I have lived 43 years in cities. Although Darien, Connecticut, where I have spent the last 19 years, has 22,000 residents, it has a pace of life, values and amenities resembling New York City, where many Darien residents work. Edward Glaeser recently published a great book entitled The Triumph of the City, which concludes that cities are one of humankind's greatest inventions. I agree.
I love living in cities, the bigger the better, for many reasons:
Cities confront unique challenges that spawn innovative solutions.
Cities' unique challenges arise from their population density, traffic congestion, diversity, cost-of-living, competitive populations, and smaller living spaces, compared with suburban and rural areas. These challenges spawn innovative solutions.
For example, cities like New York invent retail services that recognize that apartment refrigerators and countertops are too small to store more than 2-3 days worth of foods and beverages, particularly perishables. As a result, green grocers who are open 24x7 and are conveniently located for almost everyone in New York, become secondary food storage areas for apartment dwellers.
Cities make better use of normally unused living and exterior spaces. My wife had a Murphy bed (stored in the wall during the day) in her Chicago apartment. I had modular clothing bins stored under the bed. Our New York rooftop, like many city rooftops, had a first-class pool, restaurant and health club, open almost every day. On winter days, we could still swim in a heated pool under a retractable dome. Cities have created opportunities to practice sports normally played in suburban or rural areas. New York's Chelsea Piers created a space in which golfers could hit drives into the Hudson River. A company called Adventure Golf Services converts rooftops into golf practice areas. Cities use commercial lobbies as revenue-producing public plazas. IBM, and Sony now have Manhattan public plazas which are great meeting places.
Cities provide sports bars initially because people watch major sporting events and recreate the experience of having a beer and eating burgers, potato chips, and popcorn in front of multiple TVs too big for their apartments.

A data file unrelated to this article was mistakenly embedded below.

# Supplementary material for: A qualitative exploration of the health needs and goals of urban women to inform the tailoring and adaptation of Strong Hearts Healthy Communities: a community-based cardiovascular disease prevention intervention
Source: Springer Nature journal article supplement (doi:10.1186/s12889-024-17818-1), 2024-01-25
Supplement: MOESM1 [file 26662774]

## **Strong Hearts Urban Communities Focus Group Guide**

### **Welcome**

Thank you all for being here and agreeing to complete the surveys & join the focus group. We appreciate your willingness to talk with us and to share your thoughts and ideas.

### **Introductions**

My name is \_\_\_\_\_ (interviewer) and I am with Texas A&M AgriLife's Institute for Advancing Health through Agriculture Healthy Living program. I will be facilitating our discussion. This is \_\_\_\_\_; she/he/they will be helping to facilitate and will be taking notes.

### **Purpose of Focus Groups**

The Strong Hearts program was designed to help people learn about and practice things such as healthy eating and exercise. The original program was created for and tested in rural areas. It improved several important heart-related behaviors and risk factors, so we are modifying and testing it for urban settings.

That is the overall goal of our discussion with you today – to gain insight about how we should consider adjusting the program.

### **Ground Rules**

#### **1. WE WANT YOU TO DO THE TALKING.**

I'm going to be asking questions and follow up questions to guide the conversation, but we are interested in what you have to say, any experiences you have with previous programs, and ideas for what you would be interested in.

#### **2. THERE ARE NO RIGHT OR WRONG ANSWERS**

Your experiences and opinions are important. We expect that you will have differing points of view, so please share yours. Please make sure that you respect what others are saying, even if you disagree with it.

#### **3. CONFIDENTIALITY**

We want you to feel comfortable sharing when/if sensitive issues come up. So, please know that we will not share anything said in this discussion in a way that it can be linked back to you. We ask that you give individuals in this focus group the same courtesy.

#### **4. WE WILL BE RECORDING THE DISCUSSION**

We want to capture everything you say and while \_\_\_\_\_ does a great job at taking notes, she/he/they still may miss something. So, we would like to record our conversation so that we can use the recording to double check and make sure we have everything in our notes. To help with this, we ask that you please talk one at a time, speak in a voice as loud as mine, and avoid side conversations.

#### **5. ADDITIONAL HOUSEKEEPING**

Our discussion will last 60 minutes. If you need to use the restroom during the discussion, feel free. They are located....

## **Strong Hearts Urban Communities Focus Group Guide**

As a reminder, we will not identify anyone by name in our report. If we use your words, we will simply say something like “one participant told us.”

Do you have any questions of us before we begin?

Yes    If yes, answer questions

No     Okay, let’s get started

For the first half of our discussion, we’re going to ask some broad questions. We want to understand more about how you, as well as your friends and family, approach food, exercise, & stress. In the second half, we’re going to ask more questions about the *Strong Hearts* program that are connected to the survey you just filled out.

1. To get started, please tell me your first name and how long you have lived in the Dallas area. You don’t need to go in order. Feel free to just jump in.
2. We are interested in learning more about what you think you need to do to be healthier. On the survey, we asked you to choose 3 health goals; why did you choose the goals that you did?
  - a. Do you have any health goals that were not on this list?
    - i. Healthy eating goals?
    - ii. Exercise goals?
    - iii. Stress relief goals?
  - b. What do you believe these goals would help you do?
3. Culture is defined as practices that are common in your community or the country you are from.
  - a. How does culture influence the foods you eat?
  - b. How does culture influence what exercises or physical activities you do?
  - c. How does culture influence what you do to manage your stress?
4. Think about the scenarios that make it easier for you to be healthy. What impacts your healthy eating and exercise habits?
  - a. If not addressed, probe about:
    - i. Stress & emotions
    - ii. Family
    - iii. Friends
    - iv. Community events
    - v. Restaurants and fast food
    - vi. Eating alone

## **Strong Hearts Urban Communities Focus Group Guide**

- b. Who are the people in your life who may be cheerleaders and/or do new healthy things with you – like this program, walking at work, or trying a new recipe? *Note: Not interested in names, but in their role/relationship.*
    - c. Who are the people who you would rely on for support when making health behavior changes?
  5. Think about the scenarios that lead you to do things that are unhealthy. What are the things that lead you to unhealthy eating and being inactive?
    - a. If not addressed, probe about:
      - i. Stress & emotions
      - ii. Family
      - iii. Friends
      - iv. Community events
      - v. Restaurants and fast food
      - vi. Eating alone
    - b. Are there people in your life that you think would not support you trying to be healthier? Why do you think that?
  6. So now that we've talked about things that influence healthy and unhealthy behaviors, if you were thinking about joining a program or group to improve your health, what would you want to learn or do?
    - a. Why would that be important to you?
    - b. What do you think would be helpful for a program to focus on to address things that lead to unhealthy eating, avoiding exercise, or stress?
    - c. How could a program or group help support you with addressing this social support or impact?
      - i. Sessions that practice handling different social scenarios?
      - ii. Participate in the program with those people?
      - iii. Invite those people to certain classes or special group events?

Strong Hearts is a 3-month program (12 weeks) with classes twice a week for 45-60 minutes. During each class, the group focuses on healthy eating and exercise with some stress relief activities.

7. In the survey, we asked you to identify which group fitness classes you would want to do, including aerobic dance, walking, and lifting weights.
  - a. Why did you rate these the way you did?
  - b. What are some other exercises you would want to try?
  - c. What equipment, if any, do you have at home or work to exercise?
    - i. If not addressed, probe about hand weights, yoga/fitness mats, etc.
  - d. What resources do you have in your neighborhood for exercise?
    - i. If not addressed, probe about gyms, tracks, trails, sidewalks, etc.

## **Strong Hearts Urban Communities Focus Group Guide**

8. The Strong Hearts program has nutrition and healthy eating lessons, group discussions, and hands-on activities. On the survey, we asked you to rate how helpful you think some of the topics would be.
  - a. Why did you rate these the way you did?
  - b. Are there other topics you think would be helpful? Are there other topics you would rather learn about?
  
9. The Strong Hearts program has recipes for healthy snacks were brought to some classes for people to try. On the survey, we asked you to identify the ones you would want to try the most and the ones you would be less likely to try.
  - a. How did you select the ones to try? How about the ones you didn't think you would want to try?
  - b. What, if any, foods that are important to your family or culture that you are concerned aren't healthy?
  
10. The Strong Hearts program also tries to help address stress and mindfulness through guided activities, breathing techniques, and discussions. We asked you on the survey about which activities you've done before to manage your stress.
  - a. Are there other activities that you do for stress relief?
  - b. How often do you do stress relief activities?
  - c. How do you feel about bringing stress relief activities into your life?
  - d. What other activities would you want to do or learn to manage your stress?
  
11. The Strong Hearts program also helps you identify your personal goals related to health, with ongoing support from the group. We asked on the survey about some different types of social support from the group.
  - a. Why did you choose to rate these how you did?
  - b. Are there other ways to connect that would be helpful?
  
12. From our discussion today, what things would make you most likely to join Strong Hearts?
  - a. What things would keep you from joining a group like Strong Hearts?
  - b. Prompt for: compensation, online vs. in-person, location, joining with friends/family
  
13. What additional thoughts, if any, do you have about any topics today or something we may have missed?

Cities draw vital work from diverse populations.
Since 1979, I've lived in New York for 10 ½ years and spend significant time in Boston, Washington, D.C., and LA. I enjoy visiting New York, Boston, and Washington because I get around there via taxicabs and other forms of public transportation. New York cab drivers typically come from whatever part of the world is undergoing political turmoil. I learn things from cab drivers that give me great insights and never appear in mass media.
Boston and Washington tend to have more stable cab driver populations. Boston has many drivers from Morocco and other North African countries. Washington draws drivers from Sub-Saharan African. Both cities give me most interesting conversational opportunities.
In Los Angeles, I get the most insight from the Hertz rent-a-car people who take me to and from Hertz's lot. They are from Latin America, and I get a great understanding of what life is like for them.
In New York, specific ethnic groups target certain service areas. Koreans developed expertise in small grocery and produce stores, flower distribution, and nail salons. Indians dominated the news stands. Of course, Greeks dominated the diners.
These immigrants are ambitious and want to assimilate into America, but probably like my grandparents more than a century ago, they are between two worlds, America and their country of origin. They clearly understand the global political system and economy far better than even the most well-educated Americans because they are integral to global commerce. Especially when sending money back home.
Cities empower people.
Cities attract people who escape stifling environments elsewhere. Young people, specifically young women, move to cities to have freer, more anonymous lives. However, they learn about others who start businesses, create innovative products, and succeed at the highest levels of the entertainment world.
They also live out dreams. Our older son tested his stand-up comedy skills at Caroline's on Broadway in New York. Our younger son became a great chess player at New York's Marshall Chess Club. Our daughter got the chance to record a track for our film at Paramount Studios' music record studio in Hollywood. Each of them fulfilled a dream in an urban environment.
As we move forward with Gyre Entertainment, and our feature film From the Rough, we want to celebrate the successes of people who live in cities. We need to applaud their resourcefulness, energy and passion, and empowerment. It's time to celebrate urban opportunity, not just danger.